Key Takeaways

  • Mutations within Speckled Protein 140 (SP140) are associated with an increased risk of Crohn’s disease
  • New research reveals that SP140 loss results in unleashed activity of a particular enzyme
  • Inhibitors of this enzyme can reverse intestinal abnormalities in mice with inflammation characteristic of Crohn’s disease

BOSTON – The structure of chromatin—the mixture of DNA and proteins that form chromosomes—can affect gene expression, and certain chromatin “readers” are important for monitoring this structure often in response to environmental cues.

Mutations within one such reader, called Speckled Protein 140 (SP140), are associated with an increased risk of certain immune diseases, including Crohn’s disease, a type of inflammatory bowel disease.

New research led by investigators at Massachusetts General Hospital (MGH) and published in Cell provides insights into the mechanisms behind this link, pointing to potential therapeutic targets.

SP140 expression is uniquely restricted to immune cells such as macrophages, which surround and kill microorganisms, remove dead cells, and stimulate the action of other immune cells.

Protein analyses by Kate L. Jeffrey, PhD, a principal investigator of immunology at MGH and an associate professor of medicine at Harvard Medical School, and her colleagues revealed that SP140 represses topoisomerases (TOP), which are enzymes that help DNA untangle during replication.

The team also found that in humans and mice, SP140 loss resulted in unleashed TOP activity, ultimately leading to defective gene expression and bacterial killing by macrophages that caused intestinal abnormalities. Inhibiting TOP rescued these defects in mice with inflammation characteristic of Crohn’s disease, a condition that remains incurable by surgical or therapeutic interventions.

“Applying a combination of human genetics, proteomics, biochemistry, utilization of primary immune cells from Crohn’s disease individuals, and in vivo animal studies, our study highlights the power of examining human disease associated genetic mutations to advance mechanistic understanding of disease,” says Jeffrey. “The work broadens our understanding of epigenetics in health—or the physical changes in cells’ DNA structure that affect the expression of genes in response to environmental cues. Importantly though, it revealed how dysregulation of epigenetic factors drive diseases such as Crohn’s that are rising in incidence because of the complex interplay of genes plus environment.”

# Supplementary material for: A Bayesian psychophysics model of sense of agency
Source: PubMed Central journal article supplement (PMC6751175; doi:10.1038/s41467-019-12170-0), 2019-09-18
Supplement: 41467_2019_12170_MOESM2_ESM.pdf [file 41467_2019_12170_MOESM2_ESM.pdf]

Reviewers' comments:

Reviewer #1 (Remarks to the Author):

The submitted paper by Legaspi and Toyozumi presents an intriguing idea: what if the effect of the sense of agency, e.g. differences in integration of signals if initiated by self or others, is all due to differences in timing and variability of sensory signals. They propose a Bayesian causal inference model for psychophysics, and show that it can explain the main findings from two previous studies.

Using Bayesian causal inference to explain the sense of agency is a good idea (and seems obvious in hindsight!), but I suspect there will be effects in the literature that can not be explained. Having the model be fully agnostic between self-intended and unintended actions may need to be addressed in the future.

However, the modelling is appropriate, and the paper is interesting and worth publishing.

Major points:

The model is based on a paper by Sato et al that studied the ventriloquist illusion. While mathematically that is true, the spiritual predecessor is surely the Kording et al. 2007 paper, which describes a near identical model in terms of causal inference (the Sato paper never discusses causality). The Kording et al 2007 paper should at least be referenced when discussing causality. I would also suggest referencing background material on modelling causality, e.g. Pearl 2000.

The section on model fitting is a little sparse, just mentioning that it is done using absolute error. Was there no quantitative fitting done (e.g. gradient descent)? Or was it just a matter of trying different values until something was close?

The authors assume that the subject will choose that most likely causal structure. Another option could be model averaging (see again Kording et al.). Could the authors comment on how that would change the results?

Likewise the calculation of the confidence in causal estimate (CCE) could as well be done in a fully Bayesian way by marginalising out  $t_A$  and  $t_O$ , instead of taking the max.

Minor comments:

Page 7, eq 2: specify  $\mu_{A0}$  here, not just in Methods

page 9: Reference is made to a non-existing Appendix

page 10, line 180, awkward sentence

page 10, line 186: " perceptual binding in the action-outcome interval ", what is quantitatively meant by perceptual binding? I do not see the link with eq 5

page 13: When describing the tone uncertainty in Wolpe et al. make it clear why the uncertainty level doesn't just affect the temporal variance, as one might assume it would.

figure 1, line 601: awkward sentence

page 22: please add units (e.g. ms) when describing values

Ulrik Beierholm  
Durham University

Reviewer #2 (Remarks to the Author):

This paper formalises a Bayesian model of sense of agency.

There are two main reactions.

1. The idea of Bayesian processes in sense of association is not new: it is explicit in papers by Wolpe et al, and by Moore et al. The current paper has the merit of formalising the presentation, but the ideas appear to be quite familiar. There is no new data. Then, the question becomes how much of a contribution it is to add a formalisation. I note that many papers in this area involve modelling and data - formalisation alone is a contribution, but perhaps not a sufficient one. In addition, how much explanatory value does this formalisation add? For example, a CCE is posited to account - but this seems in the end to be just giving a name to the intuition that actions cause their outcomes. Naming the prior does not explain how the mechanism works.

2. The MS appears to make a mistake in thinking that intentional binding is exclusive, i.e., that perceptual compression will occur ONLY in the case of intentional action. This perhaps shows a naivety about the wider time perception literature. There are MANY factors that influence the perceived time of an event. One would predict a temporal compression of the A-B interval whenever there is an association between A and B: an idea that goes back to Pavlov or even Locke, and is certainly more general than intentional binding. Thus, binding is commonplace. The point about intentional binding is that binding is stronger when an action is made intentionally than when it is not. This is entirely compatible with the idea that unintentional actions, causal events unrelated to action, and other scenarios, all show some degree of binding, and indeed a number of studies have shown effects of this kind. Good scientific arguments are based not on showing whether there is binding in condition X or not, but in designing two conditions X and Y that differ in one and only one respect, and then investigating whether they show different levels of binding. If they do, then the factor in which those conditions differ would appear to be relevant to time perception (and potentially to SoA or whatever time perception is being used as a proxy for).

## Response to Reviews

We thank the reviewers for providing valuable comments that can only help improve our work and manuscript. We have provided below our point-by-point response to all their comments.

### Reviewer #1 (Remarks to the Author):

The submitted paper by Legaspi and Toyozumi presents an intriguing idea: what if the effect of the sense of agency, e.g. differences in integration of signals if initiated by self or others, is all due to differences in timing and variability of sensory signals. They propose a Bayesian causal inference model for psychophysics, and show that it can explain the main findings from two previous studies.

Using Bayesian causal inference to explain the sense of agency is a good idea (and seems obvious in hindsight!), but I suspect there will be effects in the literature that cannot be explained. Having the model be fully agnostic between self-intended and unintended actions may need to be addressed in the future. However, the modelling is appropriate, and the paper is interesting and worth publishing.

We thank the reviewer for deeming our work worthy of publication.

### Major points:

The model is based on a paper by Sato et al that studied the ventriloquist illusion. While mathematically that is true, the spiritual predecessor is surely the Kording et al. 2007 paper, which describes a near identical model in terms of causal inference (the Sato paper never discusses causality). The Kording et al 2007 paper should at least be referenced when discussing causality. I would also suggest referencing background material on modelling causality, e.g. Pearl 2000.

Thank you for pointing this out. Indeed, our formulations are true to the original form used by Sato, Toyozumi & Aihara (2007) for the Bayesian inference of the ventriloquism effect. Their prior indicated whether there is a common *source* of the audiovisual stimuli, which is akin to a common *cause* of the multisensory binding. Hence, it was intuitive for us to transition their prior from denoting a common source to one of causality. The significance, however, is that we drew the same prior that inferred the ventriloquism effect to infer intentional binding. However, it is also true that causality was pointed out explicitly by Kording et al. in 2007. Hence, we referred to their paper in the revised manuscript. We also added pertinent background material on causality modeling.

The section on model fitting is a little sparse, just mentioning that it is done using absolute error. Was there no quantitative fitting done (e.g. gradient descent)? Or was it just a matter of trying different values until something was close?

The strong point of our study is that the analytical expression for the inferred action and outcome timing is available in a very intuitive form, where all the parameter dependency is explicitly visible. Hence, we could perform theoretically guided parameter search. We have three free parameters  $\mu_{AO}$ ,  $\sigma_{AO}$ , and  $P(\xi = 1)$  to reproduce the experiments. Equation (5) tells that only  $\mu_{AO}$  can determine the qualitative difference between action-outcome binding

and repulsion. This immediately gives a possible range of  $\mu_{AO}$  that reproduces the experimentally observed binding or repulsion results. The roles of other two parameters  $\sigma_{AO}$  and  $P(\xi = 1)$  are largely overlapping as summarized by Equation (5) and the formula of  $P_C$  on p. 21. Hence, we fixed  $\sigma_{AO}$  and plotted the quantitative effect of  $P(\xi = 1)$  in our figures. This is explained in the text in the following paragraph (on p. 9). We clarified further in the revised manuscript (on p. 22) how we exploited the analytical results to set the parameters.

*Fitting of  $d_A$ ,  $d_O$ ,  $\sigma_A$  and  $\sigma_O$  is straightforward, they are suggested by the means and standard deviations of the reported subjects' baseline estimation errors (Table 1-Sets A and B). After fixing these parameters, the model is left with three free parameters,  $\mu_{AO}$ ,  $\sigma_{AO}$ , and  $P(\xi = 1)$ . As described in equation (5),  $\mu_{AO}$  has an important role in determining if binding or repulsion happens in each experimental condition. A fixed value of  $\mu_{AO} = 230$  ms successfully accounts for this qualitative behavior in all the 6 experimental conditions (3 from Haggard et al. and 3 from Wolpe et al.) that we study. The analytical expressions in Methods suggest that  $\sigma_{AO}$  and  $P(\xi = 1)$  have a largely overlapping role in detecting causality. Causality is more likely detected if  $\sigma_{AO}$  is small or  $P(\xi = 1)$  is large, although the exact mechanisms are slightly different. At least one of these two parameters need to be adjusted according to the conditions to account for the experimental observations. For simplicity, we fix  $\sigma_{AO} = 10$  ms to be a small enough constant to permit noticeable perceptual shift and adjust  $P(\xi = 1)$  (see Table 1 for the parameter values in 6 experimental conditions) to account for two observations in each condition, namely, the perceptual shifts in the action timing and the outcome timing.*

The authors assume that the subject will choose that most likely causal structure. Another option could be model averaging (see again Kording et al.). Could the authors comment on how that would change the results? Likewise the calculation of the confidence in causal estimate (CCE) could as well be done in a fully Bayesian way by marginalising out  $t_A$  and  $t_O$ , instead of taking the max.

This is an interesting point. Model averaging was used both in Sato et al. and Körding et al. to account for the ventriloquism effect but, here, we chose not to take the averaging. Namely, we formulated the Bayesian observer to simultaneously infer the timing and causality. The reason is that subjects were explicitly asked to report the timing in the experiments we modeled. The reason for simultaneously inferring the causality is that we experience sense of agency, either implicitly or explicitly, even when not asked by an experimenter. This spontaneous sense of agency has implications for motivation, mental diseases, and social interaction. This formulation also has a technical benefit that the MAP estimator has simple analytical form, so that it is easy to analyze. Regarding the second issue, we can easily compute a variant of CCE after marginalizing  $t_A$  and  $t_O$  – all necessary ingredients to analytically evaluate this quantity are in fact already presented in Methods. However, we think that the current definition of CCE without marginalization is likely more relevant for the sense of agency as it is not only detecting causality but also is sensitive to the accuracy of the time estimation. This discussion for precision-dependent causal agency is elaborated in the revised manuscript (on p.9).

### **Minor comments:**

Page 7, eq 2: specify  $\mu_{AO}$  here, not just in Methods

Several TOP inhibitors are approved for the treatment of certain cancers, and many in the drug class are being tested in ongoing cancer clinical trials. These latest findings indicate that clinical trials should also test their effectiveness against Crohn’s disease.

Additional co-authors include Hajera Amatullah, Isabella Fraschilla, Sreehaas Digumarthi, Julie Huang, Fatemeh Adiliaghdam, Gracia Bonilla, Lai Ping Wong, Marie-Eve Rivard, Claudine Beauchamp, Virginie Mercier, Philippe Goyette, Ruslan I. Sadreyev, Robert M. Anthony, and John Rioux.

This study was supported by the Canadian Institutes of Health Research, the Canada Foundation for Innovation, the National Institutes of Health and the MGH Research Scholar Program. Dr. Jeffrey is a John Lawrence MGH Research Scholar 2020-2025.

About the Massachusetts General Hospital

Massachusetts General Hospital, founded in 1811, is the original and largest teaching hospital of Harvard Medical School. The Mass General Research Institute conducts the largest hospital-based research program in the nation, with annual research operations of more than $1 billion and comprises more than 9,500 researchers working across more than 30 institutes, centers and departments. In July 2022, Mass General was named #8 in the U.S. News & World Report list of "America’s Best Hospitals." MGH is a founding member of the Mass General Brigham healthcare system.